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State v. Deluca

Superior Court of New Jersey, Appellate Division

December 23, 2013

STATE OF NEW JERSEY, Plaintiff-Respondent,
MICHAEL DELUCA, Defendant-Appellant.


Submitted December 17, 2013

On appeal from Superior Court of New Jersey, Law Division, Camden County, Indictment No. 08-04-1143.

Joseph E. Krakora, Public Defender, attorney for appellant (David A. Snyder, Designated Counsel, on the brief).

Warren W. Faulk, Camden County Prosecutor, attorney for respondent (Nancy P. Scharff, Assistant Prosecutor, of counsel and on the brief).

Before Judges Alvarez and Carroll.


Defendant Michael Deluca appeals from an October 7, 2011 Law Division order denying his petition for post-conviction relief (PCR). We affirm.

Defendant was arrested and subsequently indicted in connection with a July 14, 2007 forcible sexual assault upon a teenage victim. On August 4, 2008, pursuant to a plea agreement, defendant pled guilty to one count of the indictment, charging him with second-degree sexual assault, N.J.S.A. 2C:14-2c(1). In exchange for defendant's guilty plea, the State agreed to dismiss the remaining twenty counts of the indictment, including one count of first-degree kidnapping, N.J.S.A. 2C:13-1b(1), and four counts of first-degree aggravated sexual assault, N.J.S.A. 14-2a(3). The State also agreed to recommend a sentence of seven years imprisonment, subject to the No Early Release Act (NERA), N.J.S.A. 2C:43-7.2, Megan's Law, N.J.S.A. 2C:7-1 to -23, and parole supervision for life (PSL), N.J.S.A. 2C:43-6.4.

Before the trial judge, defendant acknowledged his understanding of the plea agreement, including all the consequences of Megan's Law and PSL. As to the latter, defendant twice indicated to the judge that he understood that he would be under PSL. Defendant executed several plea forms, including the supplemental plea forms explaining the Megan's Law and PSL consequences of the plea. In response to the judge's questioning, defendant testified that he read the plea forms, reviewed them with his attorney before signing them, understood them, and had no questions about them. Importantly, defendant answered "YES" to questions on the supplemental plea form that asked whether he understood that he would be sentenced to PSL, and would thereby be "subject to provisions and conditions of parole, including . . . restrictions on where you can live, work, travel or persons you can contact[.]" Under questioning by his attorney, defendant admitted that, through coercion, he inserted his finger into the vagina of the victim, without her consent.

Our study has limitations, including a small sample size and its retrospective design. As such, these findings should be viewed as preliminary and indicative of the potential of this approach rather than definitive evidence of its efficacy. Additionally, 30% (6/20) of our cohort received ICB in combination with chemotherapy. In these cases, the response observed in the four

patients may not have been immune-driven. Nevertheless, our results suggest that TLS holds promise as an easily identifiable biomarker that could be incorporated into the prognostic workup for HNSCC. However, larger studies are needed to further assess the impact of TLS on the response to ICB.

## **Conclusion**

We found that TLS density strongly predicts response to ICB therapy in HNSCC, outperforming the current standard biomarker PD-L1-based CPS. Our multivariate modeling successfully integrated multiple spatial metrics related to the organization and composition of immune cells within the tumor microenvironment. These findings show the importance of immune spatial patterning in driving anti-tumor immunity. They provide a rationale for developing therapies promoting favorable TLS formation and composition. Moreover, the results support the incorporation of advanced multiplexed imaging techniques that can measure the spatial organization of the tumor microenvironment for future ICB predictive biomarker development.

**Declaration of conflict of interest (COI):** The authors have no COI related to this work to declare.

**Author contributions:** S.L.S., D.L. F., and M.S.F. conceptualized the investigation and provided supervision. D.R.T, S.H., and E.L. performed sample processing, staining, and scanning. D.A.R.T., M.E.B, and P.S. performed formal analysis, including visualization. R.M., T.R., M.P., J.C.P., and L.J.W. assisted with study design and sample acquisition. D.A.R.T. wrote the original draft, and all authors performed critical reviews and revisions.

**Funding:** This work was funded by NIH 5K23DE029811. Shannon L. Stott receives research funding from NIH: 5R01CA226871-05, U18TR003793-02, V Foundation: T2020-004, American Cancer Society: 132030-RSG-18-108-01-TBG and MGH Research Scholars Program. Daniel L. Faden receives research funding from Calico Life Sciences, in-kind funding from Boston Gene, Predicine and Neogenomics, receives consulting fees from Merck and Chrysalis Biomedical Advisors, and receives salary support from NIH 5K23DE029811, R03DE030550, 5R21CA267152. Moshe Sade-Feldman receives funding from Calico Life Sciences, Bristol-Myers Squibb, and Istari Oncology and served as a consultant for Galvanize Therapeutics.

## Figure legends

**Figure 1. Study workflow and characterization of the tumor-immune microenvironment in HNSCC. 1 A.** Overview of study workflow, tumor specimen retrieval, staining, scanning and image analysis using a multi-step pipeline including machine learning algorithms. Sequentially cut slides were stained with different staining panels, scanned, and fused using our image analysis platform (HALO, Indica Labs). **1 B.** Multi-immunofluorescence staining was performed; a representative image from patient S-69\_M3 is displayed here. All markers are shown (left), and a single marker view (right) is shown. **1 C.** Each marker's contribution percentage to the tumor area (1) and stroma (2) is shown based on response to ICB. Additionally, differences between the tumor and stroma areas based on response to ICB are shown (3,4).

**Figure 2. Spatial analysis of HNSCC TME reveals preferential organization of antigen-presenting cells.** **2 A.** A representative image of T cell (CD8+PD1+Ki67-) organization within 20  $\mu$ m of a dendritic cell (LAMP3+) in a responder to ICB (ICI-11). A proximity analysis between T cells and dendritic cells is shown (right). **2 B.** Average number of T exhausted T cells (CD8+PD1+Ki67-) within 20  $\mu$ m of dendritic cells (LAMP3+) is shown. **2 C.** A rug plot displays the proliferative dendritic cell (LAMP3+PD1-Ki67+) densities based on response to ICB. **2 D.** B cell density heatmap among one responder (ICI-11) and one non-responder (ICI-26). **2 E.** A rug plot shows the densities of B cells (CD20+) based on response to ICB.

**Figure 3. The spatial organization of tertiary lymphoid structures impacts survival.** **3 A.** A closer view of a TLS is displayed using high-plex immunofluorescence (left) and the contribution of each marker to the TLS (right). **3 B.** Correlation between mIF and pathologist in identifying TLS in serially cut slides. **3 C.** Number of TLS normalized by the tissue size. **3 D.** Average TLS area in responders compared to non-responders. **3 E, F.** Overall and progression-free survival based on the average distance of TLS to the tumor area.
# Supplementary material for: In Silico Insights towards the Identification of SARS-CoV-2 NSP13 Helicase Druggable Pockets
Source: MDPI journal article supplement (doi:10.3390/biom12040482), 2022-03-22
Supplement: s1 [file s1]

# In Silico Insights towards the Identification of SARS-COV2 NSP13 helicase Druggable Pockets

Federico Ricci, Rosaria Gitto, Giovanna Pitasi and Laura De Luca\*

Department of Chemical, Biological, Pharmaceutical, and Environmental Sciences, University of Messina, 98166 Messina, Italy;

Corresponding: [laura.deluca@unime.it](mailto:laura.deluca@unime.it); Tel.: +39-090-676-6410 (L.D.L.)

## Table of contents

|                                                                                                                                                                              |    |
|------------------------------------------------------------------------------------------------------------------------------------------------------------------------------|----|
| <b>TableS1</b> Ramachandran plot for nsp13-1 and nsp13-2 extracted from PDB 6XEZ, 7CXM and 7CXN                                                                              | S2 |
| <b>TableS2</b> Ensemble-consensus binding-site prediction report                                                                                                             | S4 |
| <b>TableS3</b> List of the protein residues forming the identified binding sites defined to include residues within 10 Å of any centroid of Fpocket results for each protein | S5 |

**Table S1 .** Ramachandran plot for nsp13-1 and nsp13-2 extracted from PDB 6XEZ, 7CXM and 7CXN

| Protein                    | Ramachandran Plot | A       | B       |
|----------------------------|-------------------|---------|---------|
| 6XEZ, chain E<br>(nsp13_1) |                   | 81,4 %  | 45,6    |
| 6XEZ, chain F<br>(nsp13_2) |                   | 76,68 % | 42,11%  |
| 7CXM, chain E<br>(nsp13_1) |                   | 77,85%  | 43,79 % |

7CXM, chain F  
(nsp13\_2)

Prior to his sentencing on October 17, 2008, defendant sought to withdraw his guilty plea, stating that he "wasn't in full understanding of the consequences of the plea." Specifically, defendant contended that he "didn't know there was a life supervision. I didn't know that there was travel bans that I would be under, lifetime parole." The judge rejected defendant's argument, citing the plea forms that defendant had signed and his colloquy with the court when the plea was entered. Defendant was then sentenced consistent with the plea agreement to a seven-year prison term, subject to a mandatory period of parole ineligibility under NERA, Megan's Law, and PSL.

Defendant appealed and the matter was placed on a sentencing calendar pursuant to Rule 2:9-11. We affirmed the judgment of conviction. State v. Deluca, No. A-2926-08 (App. Div. February 9, 2010).

Defendant filed a pro se petition for PCR in April 2010, challenging the aggravating and mitigating factors found the sentencing court, and further asserting that there was "no physical evidence to back conviction, although plea was taken." Counsel was thereafter appointed and filed a supplemental brief, essentially arguing that defendant's due process rights were violated when his recorded statement was irretrievably lost by the State, and that trial counsel was ineffective in having failed to move to suppress defendant's statement.

Following oral argument, the court denied defendant's PCR petition.[1] The court noted that when defendant pled guilty, he twice testified that he understood that he would be under PSL, and would be subject to by the requirements of Megan's Law. The judge further cited defendant's affirmative response to the PSL question on the plea form.

The court also rejected defendant's argument that counsel was ineffective in failing to file a motion to suppress defendant's statement. The court found no evidence of bad faith in connection with the loss of the physical recording.

Moreover, the court reasoned that the other evidence against defendant was overwhelming. The judge then entered an order denying the PCR petition. This appeal followed.

On appeal, defendant presents the following arguments:
a. Trial counsel was ineffective for not filing a motion to suppress his oral unrecorded statement based upon the argument that the loss of the recording was a due process violation.